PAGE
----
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Lack of awareness, stigma, long-drawn treatment — Why cleft care lags in India

Globally, every year 1 in every 700 babies is born with a cleft. Experts say ignorance about the condition means people fail to view cleft as a medical condition that can be treated.

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Bengaluru: In 2011, when a doctor first told B.M. Suman that her child would be born with a cleft, a congenital defect, she was baffled. This was the first time she was encountering the term and she had never met anyone with the defect.

At the time, she was advised to opt for abortion as she was just four months into her pregnancy. This only bewildered Suman even more who was left wondering why the condition would necessitate an abortion.

Her questions were finally answered after she went back home and researched the defect. “I cried for seven days and nights and kept thinking why God is making my baby suffer…On the seventh day morning when I got ready for my work I got a feeling that any other parent by now would have decided to abort the baby, but God had given me this baby and I should take care of it,” she said.

Suman explained that her ordeal had only intensified due to a lack of awareness about the condition and little guidance from medical professionals about the possible treatments.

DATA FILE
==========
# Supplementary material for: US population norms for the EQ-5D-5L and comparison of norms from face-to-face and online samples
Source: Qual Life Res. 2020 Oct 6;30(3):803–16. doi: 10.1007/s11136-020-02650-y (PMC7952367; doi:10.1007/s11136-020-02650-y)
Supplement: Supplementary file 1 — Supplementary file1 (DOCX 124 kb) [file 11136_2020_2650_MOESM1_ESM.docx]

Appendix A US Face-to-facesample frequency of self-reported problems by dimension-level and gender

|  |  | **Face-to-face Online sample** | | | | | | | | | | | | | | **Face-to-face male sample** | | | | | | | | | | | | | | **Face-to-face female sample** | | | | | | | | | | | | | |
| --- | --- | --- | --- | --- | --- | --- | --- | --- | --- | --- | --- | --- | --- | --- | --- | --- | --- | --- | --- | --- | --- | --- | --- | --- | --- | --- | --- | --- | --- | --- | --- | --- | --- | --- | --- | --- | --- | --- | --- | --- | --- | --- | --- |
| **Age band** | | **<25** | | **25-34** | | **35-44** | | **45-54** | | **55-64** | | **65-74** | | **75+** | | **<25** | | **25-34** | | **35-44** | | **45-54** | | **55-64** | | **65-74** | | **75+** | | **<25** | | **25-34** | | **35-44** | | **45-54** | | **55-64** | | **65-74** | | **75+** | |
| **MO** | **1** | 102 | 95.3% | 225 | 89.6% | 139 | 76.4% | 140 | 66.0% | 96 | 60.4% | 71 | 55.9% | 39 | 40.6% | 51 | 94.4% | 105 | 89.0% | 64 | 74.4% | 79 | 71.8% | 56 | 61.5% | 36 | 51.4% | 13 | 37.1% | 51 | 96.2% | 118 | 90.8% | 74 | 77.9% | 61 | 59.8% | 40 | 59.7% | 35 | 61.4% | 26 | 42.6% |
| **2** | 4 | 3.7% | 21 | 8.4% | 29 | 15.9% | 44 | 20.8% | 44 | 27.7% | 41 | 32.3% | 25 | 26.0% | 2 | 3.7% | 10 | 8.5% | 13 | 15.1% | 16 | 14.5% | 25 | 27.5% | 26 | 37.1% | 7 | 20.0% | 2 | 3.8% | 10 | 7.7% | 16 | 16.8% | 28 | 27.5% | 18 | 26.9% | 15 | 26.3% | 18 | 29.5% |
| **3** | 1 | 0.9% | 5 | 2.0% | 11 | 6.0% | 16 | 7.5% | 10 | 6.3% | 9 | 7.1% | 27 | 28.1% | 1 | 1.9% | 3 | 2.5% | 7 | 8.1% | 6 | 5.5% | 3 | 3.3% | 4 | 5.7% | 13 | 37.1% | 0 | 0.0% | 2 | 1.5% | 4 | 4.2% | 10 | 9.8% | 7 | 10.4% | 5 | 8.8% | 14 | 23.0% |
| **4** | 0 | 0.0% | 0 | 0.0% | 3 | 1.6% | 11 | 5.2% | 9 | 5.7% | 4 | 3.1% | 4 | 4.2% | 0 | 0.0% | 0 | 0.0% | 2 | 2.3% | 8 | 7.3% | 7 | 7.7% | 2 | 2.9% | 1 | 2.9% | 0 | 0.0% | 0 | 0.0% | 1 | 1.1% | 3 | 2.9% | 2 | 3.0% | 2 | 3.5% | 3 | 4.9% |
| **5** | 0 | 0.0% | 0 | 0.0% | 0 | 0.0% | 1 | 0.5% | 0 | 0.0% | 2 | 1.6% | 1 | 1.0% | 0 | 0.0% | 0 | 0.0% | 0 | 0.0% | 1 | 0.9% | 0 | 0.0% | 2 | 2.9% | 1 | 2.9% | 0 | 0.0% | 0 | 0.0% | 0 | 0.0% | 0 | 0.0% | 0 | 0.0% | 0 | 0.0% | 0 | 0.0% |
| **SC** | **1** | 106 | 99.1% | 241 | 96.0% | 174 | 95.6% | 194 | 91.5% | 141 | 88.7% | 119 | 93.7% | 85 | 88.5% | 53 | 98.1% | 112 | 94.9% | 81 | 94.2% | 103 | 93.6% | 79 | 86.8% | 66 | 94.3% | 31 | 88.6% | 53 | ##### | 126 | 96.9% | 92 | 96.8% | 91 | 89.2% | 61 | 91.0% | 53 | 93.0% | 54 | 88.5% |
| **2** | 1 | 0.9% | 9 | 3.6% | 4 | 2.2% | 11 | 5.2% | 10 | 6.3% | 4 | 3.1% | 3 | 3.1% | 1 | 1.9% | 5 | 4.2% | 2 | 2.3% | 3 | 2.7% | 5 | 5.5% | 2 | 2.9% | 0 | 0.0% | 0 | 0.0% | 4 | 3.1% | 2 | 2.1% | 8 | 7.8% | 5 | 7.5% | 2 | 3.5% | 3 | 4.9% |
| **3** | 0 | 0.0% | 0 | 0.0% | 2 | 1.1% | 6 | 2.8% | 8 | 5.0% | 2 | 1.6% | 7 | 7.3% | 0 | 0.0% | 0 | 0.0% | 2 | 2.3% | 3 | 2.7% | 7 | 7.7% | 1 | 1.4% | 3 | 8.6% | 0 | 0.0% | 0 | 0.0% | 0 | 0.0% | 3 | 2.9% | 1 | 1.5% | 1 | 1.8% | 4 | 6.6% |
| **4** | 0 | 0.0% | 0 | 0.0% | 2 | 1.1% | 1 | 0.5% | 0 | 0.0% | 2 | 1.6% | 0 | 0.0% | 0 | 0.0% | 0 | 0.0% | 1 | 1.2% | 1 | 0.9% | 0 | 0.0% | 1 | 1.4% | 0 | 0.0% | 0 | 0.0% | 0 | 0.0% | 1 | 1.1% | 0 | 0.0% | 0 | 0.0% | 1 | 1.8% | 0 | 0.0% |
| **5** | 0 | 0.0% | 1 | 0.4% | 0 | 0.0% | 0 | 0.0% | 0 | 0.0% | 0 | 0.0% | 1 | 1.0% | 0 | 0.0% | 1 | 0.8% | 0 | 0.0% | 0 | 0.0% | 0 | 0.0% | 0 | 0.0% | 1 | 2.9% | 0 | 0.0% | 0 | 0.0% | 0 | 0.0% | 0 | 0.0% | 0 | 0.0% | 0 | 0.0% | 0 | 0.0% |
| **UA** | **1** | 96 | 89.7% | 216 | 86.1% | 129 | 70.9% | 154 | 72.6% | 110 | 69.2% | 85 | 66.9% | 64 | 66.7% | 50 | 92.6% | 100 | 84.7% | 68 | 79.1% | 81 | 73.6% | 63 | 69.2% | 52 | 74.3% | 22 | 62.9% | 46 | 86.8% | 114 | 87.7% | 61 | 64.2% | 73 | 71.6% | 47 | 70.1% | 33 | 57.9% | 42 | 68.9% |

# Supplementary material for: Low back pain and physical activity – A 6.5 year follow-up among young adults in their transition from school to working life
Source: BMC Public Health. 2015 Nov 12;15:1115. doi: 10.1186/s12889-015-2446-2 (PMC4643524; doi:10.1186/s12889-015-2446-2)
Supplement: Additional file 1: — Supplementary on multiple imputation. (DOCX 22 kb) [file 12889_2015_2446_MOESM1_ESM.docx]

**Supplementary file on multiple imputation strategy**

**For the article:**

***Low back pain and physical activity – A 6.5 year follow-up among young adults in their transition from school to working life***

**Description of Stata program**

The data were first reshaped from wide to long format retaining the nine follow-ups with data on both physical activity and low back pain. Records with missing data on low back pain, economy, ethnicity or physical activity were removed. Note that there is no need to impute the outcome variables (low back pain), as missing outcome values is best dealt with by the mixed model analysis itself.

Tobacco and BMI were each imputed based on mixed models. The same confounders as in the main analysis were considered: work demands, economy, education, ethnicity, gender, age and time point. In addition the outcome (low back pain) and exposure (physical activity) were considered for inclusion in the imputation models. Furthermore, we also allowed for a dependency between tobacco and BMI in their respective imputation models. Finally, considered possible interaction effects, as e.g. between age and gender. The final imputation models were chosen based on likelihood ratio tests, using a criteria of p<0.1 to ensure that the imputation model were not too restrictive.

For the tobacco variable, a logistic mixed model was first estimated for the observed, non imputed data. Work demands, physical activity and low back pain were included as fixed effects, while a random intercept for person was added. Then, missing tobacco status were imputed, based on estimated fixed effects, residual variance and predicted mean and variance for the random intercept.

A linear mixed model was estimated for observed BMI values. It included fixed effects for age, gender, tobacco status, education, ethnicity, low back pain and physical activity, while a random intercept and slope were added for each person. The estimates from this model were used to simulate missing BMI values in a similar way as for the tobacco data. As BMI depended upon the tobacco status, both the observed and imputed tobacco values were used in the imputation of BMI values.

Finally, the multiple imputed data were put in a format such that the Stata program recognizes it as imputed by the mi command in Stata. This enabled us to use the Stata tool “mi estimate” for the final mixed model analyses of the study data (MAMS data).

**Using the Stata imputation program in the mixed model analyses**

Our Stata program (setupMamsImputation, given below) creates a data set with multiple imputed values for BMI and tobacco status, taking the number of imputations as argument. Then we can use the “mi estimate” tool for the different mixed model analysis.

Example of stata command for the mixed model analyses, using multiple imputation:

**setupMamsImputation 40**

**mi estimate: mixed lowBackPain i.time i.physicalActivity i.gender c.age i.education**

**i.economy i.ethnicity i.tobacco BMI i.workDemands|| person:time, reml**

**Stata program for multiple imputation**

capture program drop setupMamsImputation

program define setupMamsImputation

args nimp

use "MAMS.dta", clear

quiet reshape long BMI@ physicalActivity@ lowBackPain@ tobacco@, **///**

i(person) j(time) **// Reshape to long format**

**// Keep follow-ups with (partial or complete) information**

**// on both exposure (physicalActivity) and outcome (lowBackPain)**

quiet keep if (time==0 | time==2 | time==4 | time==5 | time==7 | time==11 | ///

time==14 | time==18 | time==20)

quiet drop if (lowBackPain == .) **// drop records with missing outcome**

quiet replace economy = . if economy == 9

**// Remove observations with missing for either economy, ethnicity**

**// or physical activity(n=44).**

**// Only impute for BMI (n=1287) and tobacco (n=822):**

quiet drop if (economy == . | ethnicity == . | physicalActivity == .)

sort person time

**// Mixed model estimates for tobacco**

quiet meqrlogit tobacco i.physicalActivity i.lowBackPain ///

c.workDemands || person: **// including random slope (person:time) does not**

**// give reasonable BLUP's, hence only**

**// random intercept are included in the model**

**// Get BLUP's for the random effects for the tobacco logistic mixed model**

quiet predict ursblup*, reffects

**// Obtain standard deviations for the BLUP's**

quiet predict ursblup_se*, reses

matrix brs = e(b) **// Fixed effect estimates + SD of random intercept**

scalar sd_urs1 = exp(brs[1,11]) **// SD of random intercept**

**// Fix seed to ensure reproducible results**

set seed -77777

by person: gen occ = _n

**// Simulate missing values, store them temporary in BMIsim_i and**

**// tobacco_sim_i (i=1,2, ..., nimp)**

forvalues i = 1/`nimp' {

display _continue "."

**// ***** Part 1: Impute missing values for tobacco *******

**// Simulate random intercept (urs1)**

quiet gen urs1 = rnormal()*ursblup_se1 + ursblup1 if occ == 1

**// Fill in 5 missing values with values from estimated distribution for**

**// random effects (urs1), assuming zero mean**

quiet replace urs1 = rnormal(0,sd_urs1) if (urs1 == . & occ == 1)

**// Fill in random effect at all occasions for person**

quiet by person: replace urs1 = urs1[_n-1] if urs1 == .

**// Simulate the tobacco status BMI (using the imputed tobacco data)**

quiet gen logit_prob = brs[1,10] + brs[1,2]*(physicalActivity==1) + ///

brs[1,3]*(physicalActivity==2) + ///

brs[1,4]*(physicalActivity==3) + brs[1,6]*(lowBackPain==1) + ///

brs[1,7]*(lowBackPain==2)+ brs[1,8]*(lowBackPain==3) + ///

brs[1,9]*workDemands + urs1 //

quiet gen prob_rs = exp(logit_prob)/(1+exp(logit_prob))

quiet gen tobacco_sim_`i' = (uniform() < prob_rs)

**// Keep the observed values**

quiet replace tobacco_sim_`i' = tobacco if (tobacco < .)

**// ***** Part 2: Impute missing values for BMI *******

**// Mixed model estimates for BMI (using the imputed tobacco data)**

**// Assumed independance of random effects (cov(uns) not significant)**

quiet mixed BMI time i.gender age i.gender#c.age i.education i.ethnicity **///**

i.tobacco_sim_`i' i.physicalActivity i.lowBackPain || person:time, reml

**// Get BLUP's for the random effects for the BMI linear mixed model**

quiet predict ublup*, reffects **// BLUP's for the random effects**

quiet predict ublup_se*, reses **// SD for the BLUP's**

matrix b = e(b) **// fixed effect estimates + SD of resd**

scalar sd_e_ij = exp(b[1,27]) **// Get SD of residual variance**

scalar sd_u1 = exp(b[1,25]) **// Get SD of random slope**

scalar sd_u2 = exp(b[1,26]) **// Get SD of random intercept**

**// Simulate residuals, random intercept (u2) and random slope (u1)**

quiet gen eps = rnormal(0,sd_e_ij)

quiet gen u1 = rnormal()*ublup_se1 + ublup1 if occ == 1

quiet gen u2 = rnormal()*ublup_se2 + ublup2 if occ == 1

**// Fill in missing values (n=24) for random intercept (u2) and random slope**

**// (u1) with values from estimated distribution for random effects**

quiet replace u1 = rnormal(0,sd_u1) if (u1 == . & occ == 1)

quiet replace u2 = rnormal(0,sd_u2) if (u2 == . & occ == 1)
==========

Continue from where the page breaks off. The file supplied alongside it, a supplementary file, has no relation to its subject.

Globally, every year 1 in every 700 babies is born with a cleft. Experts, however, highlight that ignorance about the condition means that people fail to view cleft as a medical condition that can be treated.

“Even if there is a basic awareness about this, the level of awareness about the treatment itself and how long-drawn it can be is missing, we have still a lot of work to do in the area,” said Mamta Carroll, Senior Vice President and Regional Director, Asia of Smile Train — an international children’s charity working towards making cleft care accessible.

Cleft & its challenges

Cleft lip and palate are openings or splits in the upper lip and roof of the mouth that occur when facial structures are developing in an unborn baby.

There is yet to be a determinate cause for clefts, but twin studies and familial clustering studies have shown that genetics are likely to be a contributing factor. Then there are environmental factors including vitamin use, nutrition, access to medical care and smoking.

“A cleft can be caused due to the inherent genetic issues due to spontaneous mutations or it may be due to environmental factors. The common environmental factors that have been identified include certain anti-epileptic medication,” said Dr Krishnamurthy Bonanthaya, Maxillofacial Surgeon at Bhagwan Mahaveer Jain Hospital in Bengaluru.

Bonanthaya, who is also the Project Director at Smile Train, explained the condition is associated with developmental issues as the gap between the mouth and the nose makes breastfeeding a challenge.

“This is especially for those born with cleft palate, which is accentuated if the mother is not educated effectively, then it can give rise to significant malnourishment of the child,” he told ThePrint.

In addition to this, a cleft lip and palate can make it difficult for the child to swallow, breath and talk.

Wracked with the fear that her daughter’s condition might lead to such ailments, Suman said she maintained meticulous notes of everything in the first few months. This would include the amount of milk her daughter would drink when she would poop, fart or burp. “Even my paediatrician would laugh at me saying that no other parent would do this,” she told ThePrint.